Montreal native Tony Bianco teamed up with executive chef Enzo Addario to create Hot Tomatoe, a traditional Italian bistro boasting a menu that brims with house-made, cooked-to-order pastas, flavorful meat dishes, and full- and light-bodied Italian wines. Their regional cuisine typically integrates up to seven essential ingredients—oil, garlic, basil, tomatoes, pasta, and olives—from which Snow White’s seven dwarves drew their names. In addition, the staff goes shopping for fresh ingredients three to four days a week to supplement both seasonal compositions and year-round dishes, which include veal parmigiana, filet mignon, and penne norma.
Fernanda's International Market, a treasure trove of rare ingredients and made-to-order gourmet sandwiches, bakes robust breads and fine pastries. Among a troop of hearty sandwiches, the Martorano ($8.99) stands out for its spicy temper and muscular blend of sopressata and cappacola meats. The Churchill ($8.99) loads its taste gun with Branston pickle relish and fights hunger pangs on ham-coated beaches, cheddar cheese fields, and hot mustard streets. Fernanda's also sells prepared food by the pound and hard-to-find international groceries like Thai lemon grass.
LUX Pizza might be in Miami, but the pizza chefs follow the lead of artisan Italian pizza makers. That means all pizzas come in one size, available for lunch or diner. Housemade tomato sauce and fresh mozzarella are the beginnings of most of the specialty pies here, which include a traditional margherita or prosciutto as well as some inventive creations. Along with pizzas, the eatery offers paninis, calzones, stromboli, salads, and Nutella-inspired homemade desserts.
Every morning, the butchers at Penn Dutch Food Center arrive to cut up meats and make their signature items from scratch, including cold cuts, sausages, and hot dogs. Lots of hot dogs. In fact, Penn Dutch estimates that, if placed end to end, the number of hot dogs they make in a single year could stretch all the way from Miami to Orlando and feed the entire Hall of Presidents.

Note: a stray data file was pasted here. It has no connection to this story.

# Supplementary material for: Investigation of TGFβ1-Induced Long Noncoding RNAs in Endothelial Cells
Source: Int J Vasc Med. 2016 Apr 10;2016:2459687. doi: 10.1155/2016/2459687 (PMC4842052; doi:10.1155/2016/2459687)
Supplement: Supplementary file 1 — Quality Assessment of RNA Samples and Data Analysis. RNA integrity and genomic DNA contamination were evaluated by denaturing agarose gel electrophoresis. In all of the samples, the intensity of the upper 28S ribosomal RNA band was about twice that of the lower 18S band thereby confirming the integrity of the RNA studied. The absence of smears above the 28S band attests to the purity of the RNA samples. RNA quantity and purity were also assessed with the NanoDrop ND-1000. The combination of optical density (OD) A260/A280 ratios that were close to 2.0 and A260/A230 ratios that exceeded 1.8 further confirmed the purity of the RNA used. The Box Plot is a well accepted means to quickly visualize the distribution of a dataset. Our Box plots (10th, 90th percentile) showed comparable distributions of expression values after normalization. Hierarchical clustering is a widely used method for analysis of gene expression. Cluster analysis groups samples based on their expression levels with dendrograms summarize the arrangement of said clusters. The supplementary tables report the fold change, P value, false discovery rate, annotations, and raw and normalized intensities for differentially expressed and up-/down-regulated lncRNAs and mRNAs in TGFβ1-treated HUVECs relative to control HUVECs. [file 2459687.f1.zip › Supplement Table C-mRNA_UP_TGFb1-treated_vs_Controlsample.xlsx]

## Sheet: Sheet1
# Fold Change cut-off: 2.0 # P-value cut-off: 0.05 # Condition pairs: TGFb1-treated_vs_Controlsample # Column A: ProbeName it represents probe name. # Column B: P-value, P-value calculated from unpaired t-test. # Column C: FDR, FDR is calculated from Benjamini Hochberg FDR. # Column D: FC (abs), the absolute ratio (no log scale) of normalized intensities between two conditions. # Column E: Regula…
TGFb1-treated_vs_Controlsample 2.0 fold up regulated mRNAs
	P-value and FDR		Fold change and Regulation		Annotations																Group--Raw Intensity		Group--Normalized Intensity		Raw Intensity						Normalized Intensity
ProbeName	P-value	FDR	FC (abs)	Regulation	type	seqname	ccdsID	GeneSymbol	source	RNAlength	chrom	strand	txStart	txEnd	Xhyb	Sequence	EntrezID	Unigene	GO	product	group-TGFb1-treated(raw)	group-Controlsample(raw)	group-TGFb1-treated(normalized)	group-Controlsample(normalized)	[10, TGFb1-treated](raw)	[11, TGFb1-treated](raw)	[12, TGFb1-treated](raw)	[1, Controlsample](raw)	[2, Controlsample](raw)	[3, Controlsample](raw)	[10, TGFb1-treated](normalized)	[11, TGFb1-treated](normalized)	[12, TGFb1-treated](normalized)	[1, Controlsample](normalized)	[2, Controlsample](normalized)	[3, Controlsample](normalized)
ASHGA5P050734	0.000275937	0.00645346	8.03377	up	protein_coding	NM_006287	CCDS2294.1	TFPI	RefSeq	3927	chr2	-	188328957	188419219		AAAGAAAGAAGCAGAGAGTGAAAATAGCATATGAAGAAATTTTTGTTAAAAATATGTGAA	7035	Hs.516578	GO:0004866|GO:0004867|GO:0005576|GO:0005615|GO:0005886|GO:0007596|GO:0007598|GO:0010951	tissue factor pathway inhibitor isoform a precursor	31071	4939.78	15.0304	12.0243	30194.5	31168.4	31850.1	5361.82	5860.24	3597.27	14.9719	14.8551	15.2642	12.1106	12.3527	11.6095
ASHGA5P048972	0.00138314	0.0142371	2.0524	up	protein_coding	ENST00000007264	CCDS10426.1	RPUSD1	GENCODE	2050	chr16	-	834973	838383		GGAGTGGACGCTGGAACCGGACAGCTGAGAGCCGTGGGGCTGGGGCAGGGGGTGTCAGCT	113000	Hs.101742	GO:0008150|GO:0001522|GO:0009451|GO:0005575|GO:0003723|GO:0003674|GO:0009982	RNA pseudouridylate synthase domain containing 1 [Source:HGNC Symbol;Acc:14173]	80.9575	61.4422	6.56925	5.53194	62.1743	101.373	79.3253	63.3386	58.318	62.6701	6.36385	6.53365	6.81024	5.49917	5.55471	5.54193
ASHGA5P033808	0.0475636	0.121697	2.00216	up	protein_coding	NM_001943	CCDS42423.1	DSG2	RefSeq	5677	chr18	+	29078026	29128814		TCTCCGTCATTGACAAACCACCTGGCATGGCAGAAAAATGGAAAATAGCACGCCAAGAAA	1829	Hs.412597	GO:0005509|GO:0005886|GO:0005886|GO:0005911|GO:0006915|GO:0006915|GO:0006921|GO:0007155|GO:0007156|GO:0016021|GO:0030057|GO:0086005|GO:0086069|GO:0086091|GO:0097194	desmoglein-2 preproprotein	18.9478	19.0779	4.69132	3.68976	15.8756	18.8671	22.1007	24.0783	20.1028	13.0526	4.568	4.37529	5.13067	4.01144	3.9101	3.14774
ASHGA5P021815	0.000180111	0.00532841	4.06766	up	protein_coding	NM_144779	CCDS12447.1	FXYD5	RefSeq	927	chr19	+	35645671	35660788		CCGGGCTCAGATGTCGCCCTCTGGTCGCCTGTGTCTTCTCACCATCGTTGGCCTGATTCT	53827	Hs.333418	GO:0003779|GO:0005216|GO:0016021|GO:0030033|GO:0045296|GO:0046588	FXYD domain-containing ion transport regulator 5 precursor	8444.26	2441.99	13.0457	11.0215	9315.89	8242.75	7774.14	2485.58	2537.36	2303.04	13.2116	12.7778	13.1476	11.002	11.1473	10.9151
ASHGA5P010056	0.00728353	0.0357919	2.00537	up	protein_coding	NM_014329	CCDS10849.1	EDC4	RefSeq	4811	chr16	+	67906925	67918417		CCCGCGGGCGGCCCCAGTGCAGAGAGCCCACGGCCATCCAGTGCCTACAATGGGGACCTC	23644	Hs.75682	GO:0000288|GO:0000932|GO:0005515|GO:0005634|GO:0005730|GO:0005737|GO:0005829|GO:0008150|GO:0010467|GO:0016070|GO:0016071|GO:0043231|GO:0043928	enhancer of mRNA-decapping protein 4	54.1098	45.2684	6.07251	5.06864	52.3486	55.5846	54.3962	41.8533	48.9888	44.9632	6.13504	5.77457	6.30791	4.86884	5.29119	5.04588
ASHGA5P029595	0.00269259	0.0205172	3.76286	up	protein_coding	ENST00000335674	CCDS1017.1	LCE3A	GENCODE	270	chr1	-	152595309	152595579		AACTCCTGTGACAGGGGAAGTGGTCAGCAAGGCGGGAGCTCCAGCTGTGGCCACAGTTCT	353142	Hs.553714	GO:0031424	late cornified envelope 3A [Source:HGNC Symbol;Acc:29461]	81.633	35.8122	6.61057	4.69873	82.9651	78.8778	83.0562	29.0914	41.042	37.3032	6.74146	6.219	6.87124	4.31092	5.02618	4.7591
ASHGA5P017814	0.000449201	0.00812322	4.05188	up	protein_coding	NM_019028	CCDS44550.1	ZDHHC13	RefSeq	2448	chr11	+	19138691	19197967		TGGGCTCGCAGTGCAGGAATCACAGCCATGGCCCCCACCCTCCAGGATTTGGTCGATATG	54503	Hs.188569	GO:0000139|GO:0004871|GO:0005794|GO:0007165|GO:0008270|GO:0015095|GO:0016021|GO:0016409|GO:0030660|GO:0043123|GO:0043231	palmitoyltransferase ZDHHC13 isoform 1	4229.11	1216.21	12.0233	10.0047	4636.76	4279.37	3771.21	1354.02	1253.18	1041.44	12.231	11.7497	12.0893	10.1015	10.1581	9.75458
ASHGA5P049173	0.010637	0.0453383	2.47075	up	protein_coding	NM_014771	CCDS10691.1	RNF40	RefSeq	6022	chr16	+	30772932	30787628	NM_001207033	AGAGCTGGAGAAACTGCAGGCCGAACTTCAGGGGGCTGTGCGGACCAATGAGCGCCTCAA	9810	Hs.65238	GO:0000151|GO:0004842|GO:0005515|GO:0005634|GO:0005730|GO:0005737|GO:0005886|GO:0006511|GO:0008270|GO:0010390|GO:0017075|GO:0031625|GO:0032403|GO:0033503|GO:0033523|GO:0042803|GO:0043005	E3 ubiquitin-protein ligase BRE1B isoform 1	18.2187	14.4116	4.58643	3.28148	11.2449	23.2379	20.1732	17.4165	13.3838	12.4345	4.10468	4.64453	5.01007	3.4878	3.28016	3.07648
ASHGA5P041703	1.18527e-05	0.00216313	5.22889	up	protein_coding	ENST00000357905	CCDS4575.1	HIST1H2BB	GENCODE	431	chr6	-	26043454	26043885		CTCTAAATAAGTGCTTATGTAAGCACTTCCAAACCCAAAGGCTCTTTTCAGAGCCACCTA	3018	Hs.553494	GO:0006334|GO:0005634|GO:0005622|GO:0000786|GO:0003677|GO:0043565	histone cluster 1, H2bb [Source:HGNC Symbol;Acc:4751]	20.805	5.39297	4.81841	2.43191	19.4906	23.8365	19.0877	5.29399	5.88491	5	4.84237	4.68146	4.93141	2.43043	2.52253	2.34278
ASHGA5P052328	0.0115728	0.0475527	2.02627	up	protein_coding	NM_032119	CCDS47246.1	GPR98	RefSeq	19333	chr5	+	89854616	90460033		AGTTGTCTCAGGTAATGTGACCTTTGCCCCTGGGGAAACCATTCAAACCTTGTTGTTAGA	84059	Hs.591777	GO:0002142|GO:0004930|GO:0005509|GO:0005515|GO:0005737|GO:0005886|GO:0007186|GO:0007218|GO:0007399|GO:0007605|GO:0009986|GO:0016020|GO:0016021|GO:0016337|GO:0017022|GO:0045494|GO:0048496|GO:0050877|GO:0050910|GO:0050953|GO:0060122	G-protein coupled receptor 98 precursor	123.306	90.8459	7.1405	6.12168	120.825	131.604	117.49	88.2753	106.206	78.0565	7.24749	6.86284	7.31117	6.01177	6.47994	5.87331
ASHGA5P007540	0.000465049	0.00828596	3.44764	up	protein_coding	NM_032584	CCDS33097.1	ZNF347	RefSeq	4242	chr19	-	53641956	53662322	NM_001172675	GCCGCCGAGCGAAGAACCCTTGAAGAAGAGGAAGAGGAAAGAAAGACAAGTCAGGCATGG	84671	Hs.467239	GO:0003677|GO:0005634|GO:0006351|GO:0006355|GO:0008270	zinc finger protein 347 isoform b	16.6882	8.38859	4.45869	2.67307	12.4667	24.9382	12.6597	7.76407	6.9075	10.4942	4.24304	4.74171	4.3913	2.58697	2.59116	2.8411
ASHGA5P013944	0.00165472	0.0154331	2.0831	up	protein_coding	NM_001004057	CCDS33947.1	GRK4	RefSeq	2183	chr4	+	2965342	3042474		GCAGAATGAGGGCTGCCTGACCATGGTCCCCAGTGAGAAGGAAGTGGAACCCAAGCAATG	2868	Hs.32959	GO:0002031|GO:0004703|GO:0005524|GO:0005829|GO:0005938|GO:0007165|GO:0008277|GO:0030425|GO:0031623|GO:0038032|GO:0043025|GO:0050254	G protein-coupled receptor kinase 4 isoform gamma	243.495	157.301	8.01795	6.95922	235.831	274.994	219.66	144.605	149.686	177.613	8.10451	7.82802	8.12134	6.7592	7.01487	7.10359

Though they're labeled as all-beef, the main ingredient in Penn Dutch's hot dogs is more than three decades of experience. The family-owned-and-operated business first opened its doors in 1975 (a second location opened in 2004). Since those early days, the butchers have made names for themselves through a well-curated (and hand-cut) selection of poultry, pork, lamb, veal, and beef. They also use their own smokehouses for smoked meats, rather than relying on neighbors' chimneys, and they regularly bring in hard-to-find items such as beef sweetbreads.
Away from the butcher counter, Penn Dutch Food Center also sells fresh seafood, bakery, deli and fruits & veggies ?including seasonal varieties such as cactus pears.
Falafel Bistro & Wine Bar cajoles the tahini-demanding bellies of vegetarians and omnivores alike with fresh wraps, salads, baguettes, and desserts, as well as a spectrum of Mediterranean specialties. Chef and owner Ilan Cohen slings traditional family meals straight from his native Israel onto the tables of his American bistro haven. Chickpea cheerleaders can form pyramids with one of many hummus-centered dishes, such as the sabih pita sandwich, with roasted eggplant and hard-boiled egg ($8), or the mahi-mahi beet wrap, rolled with sumptuous tiers of garbanzo mash, spinach, and alfalfa ($17).
Craving a burger and fries? Swing in Big Bear Brewing Co. and enjoy a tasty meal in a casual setting.
Health-crazed eaters may have to stick with water, though, as Big Bear Brewing Co. offers delicious grub that s far as can be from low-fat fare.
A night out deserves a drink to celebrate, and Big Bear Brewing Co. has the perfect selection of beer and wine to go with your meal.
With its kid-friendly vibe, Big Bear Brewing Co. is a great spot for families to chow down.
Don't stay cooped up on a beautiful summer day! At Big Bear Brewing Co., you can dine outdoors on their lovely patio.
Stay connected at no cost thanks to Big Bear Brewing Co.'s wifi.
Whether you have a large or small group, Big Bear Brewing Co. can accommodate both.
Folks tend to dress down at Big Bear Brewing Co., so keep comfort in mind when heading to the restaurant.
For those in a hurry, the restaurant lets you take your grub to go.
At Big Bear Brewing Co., you can park quickly and safely in a lot next door.
Big Bear Brewing Co. offers parking for all diners, including those who travel by bike.
A night out here can be a bit pricey, so prepare to shell out a bit more.
Paying with your major credit card is one payment option at Big Bear Brewing Co.
Breakfast, lunch, and dinner are all available at Big Bear Brewing Co. — swing by for your favorite meal.